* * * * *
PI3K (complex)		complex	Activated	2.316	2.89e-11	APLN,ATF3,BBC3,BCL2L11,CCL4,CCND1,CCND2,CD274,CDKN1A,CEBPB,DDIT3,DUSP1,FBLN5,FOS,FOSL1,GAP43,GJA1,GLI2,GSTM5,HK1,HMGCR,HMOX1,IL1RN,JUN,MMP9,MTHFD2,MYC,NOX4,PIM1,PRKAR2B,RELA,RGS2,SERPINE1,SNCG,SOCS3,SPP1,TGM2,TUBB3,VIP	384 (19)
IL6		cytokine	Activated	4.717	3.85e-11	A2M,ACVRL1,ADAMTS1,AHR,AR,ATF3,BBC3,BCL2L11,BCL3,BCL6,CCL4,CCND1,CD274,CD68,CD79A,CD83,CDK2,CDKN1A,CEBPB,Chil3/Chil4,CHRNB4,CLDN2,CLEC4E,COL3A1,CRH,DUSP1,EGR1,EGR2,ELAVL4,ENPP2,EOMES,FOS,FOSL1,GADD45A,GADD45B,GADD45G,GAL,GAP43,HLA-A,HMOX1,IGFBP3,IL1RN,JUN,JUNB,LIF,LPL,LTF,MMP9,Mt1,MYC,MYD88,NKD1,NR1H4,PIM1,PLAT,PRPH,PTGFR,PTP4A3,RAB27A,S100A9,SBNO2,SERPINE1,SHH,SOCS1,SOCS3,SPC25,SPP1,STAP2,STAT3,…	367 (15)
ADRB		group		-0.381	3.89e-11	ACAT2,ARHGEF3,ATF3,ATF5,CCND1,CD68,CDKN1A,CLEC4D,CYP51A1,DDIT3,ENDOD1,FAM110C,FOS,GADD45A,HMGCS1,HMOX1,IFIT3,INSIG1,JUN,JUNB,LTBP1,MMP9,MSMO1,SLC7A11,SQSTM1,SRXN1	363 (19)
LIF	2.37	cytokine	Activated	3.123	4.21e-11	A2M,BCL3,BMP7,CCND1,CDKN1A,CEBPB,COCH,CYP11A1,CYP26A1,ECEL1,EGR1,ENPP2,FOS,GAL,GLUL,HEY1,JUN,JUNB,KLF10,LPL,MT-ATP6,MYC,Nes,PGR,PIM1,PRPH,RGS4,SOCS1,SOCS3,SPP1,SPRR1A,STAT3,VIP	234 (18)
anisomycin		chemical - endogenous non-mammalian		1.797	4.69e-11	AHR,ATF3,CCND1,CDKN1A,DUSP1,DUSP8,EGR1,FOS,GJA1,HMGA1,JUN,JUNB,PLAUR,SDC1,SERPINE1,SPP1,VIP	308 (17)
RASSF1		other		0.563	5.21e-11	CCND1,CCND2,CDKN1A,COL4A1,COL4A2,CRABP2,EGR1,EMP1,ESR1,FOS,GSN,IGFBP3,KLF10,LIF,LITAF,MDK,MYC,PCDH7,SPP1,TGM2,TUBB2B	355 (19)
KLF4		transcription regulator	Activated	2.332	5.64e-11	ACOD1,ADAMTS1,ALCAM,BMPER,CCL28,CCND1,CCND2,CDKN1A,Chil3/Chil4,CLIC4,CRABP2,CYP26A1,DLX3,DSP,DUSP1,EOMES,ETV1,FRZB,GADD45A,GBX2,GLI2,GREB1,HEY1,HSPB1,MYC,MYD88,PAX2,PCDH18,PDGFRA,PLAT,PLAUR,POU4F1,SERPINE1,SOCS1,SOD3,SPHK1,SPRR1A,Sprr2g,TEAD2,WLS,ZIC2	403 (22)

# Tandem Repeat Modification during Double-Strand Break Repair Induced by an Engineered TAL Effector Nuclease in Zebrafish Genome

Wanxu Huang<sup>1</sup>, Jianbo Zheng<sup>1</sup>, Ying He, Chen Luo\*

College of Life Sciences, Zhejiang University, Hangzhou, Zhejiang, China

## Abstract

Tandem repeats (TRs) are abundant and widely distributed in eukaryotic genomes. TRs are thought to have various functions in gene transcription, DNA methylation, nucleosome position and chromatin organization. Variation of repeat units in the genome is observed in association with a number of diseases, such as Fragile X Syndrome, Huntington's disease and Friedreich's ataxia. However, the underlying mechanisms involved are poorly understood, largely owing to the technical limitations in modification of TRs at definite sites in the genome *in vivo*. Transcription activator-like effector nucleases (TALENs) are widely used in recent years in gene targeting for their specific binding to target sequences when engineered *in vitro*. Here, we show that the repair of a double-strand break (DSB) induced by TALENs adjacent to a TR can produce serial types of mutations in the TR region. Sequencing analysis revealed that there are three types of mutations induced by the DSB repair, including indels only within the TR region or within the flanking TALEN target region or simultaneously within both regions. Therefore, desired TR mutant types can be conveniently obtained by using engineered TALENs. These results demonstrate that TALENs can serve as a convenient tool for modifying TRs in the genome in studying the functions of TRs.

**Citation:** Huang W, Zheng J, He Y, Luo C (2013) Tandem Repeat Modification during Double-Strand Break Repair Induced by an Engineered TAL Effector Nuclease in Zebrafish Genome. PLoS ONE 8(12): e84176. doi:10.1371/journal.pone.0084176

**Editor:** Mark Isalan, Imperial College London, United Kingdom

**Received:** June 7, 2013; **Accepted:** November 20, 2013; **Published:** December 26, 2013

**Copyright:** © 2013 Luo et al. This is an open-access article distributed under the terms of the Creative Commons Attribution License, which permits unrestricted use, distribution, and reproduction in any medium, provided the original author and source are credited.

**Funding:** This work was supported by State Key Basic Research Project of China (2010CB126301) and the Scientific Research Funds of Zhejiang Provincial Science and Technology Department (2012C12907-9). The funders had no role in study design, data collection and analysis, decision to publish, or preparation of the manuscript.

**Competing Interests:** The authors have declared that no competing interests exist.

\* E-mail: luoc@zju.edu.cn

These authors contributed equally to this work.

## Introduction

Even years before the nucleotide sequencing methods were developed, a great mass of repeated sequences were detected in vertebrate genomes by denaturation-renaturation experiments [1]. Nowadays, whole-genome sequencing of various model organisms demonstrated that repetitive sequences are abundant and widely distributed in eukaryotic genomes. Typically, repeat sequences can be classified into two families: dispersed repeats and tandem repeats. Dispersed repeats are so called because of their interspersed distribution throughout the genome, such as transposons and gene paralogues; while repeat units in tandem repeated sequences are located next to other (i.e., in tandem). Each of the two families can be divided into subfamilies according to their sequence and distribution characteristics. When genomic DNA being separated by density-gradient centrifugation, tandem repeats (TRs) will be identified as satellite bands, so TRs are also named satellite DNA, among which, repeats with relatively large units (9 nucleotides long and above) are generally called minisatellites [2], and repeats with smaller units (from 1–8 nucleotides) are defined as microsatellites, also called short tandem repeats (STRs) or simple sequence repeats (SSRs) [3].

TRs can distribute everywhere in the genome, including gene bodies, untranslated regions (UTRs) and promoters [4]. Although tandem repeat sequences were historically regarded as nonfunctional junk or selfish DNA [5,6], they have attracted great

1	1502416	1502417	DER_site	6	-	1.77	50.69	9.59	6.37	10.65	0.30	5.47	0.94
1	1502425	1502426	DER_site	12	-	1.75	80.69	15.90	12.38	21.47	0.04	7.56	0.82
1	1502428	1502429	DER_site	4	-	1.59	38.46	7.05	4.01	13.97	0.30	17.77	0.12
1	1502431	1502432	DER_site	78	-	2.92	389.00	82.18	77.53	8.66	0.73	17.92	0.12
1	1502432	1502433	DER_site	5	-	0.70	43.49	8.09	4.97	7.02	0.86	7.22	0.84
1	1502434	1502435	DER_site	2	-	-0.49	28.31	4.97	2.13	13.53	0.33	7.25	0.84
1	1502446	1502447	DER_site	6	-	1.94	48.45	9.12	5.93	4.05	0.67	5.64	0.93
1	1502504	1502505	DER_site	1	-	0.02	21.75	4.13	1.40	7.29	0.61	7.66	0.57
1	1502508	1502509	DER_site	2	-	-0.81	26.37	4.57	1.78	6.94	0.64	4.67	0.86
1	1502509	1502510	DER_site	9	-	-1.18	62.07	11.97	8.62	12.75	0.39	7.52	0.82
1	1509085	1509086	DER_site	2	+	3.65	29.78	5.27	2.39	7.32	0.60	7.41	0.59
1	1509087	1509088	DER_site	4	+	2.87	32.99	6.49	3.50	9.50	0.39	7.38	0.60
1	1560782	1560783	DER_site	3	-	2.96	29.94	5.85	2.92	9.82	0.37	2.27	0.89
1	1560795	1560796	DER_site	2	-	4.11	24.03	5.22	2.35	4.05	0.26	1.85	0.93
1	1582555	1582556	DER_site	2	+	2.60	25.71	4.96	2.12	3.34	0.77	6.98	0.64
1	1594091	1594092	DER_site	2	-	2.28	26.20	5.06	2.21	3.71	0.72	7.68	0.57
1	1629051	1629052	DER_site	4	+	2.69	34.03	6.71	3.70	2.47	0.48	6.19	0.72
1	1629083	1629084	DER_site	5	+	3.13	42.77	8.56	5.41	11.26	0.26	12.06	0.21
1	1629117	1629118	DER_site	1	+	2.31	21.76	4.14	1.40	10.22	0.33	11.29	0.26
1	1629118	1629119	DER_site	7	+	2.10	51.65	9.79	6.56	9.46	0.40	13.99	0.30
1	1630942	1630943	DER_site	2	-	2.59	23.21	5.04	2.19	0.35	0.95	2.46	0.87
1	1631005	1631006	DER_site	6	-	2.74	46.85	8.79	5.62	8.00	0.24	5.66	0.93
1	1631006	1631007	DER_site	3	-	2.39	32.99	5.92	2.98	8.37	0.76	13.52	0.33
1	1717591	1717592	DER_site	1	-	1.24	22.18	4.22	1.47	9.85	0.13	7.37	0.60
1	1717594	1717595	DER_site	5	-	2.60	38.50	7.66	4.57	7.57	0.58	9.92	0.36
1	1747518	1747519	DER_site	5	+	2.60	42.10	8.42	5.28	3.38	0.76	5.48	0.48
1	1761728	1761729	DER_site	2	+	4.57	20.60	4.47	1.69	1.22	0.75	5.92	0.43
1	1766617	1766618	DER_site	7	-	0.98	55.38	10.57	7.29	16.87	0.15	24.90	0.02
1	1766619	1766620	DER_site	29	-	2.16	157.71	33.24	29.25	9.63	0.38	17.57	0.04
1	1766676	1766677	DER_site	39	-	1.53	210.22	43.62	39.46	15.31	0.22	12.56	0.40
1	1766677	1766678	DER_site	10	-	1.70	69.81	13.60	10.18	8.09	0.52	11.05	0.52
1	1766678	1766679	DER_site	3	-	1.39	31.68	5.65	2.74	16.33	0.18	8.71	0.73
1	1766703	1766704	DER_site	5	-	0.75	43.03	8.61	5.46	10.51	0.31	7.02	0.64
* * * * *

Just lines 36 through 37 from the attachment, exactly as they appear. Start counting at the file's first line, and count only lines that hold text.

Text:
1	1560782	1560783	DER_site	3	-	2.96	29.94	5.85	2.92	9.82	0.37	2.27	0.89
1	1560795	1560796	DER_site	2	-	4.11	24.03	5.22	2.35	4.05	0.26	1.85	0.93